This I cannot stress enough. Processing a fire scene is one of the most daunting and complex challenges an attorney can face. There is no substitute for experience here – from the proper running of the scene investigation, to the assembly of the best technical team, to understanding the engineering concepts and evidence preservation – this is all about experience. An inexperienced attorney can quickly derail a forensic investigation. You need to pick the right horse out of the gate, as things can get missed, key evidence not preserved and a forensic team that may not work well together – or has incorrect or missing players – may be selected. Every fire scene is different. Every fire scene is dynamic. Experience matters.

Also, the National Fire Protection Association ("NFPA") promulgates standards for forensic investigations of fires and explosions, called NFPA 921. This sets the standard for peer-reviewed, science-based analysis of fires and explosions. We use these standards during the course of our field work, in training, lectures, seminars, and in court. NFPA 921 is the definitive guide for rendering accurate cause and origin opinions and we refer to and observe these standards – as do fire investigators, experts and insurance company representatives for litigation purposes. It is of critical importance to have a thorough knowledge of NFPA 921.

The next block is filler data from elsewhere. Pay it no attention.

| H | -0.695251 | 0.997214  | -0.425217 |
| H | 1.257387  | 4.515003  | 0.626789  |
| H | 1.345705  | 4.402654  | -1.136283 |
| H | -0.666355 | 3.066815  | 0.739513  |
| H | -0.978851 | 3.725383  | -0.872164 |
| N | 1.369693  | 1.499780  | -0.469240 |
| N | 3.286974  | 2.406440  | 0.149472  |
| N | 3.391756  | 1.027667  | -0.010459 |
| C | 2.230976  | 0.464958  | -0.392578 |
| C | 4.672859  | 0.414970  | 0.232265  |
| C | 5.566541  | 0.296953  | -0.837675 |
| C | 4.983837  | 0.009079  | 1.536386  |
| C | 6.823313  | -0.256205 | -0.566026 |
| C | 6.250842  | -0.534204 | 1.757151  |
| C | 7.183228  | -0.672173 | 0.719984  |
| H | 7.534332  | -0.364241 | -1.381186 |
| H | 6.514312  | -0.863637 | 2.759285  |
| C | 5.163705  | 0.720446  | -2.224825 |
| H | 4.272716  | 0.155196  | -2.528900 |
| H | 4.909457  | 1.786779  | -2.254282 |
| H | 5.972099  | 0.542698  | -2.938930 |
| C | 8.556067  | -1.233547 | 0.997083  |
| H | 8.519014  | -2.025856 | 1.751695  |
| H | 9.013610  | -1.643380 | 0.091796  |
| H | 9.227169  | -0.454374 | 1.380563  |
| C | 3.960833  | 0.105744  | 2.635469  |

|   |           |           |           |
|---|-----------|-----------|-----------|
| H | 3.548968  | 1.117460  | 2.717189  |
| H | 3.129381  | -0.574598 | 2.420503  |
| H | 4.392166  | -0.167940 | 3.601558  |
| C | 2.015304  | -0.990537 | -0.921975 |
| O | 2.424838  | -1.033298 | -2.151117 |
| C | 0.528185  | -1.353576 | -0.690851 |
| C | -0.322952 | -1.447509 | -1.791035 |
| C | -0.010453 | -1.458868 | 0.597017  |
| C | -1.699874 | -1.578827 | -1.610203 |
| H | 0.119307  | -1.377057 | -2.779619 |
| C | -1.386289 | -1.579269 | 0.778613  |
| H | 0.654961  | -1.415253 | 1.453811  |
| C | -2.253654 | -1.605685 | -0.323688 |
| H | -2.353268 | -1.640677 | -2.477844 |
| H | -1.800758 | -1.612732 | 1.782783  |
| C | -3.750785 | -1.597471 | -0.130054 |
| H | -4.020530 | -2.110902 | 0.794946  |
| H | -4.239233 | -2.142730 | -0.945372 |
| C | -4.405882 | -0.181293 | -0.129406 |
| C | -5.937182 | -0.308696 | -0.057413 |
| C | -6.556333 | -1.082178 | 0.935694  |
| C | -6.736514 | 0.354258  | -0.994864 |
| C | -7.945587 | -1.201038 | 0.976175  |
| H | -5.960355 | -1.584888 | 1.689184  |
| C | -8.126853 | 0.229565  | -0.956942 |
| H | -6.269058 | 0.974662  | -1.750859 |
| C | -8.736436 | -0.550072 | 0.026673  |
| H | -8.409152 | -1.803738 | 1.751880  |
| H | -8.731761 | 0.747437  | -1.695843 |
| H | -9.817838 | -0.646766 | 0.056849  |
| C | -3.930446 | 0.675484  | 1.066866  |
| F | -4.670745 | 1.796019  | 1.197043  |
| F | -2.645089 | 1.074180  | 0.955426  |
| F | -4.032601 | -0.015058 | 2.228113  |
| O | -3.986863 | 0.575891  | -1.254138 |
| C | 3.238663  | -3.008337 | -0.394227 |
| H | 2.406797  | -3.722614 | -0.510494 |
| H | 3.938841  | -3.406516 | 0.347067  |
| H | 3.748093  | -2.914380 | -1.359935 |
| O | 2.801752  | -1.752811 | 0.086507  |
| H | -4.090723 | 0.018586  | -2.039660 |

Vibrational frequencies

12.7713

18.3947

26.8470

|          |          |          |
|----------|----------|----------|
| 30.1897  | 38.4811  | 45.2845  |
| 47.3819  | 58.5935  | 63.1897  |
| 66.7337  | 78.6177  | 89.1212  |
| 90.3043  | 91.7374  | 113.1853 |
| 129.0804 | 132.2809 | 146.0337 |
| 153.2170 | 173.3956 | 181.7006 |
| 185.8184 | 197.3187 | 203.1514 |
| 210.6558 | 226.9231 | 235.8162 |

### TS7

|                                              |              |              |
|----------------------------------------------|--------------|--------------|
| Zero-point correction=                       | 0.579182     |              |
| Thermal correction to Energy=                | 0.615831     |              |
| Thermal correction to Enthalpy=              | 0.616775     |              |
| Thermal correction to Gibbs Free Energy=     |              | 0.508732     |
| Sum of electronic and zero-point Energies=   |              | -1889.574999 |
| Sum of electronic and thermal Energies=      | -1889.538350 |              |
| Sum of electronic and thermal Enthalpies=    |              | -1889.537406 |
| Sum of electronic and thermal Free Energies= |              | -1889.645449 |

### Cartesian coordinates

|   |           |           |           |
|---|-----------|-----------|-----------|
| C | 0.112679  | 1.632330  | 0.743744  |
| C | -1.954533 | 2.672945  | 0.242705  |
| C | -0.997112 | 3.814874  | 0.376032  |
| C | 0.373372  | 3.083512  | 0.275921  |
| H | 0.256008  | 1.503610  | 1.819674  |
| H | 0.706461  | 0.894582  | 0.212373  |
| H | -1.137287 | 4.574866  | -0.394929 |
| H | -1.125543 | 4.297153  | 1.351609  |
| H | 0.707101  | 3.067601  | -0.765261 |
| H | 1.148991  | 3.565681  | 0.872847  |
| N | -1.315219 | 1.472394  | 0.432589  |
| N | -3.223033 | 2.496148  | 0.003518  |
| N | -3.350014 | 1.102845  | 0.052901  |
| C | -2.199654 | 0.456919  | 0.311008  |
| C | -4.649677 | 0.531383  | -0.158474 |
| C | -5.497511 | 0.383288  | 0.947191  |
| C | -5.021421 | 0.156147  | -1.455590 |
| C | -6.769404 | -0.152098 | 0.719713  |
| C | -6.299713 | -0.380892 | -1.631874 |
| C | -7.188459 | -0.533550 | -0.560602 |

The attorneys at SHOOP | A PROFESSIONAL LAW CORPORATION have prepared numerous lectures to attorneys on NFPA 921 standards application, and are members of the Research Section of the National Fire Protection Association.

Although it is not always the case, the lawyers from the defense-side are generally very experienced counsel who understand NFPA 921 standards and are quite good at what they do. This is all the more reason to have the most experienced firm at your side from the very beginning of the case.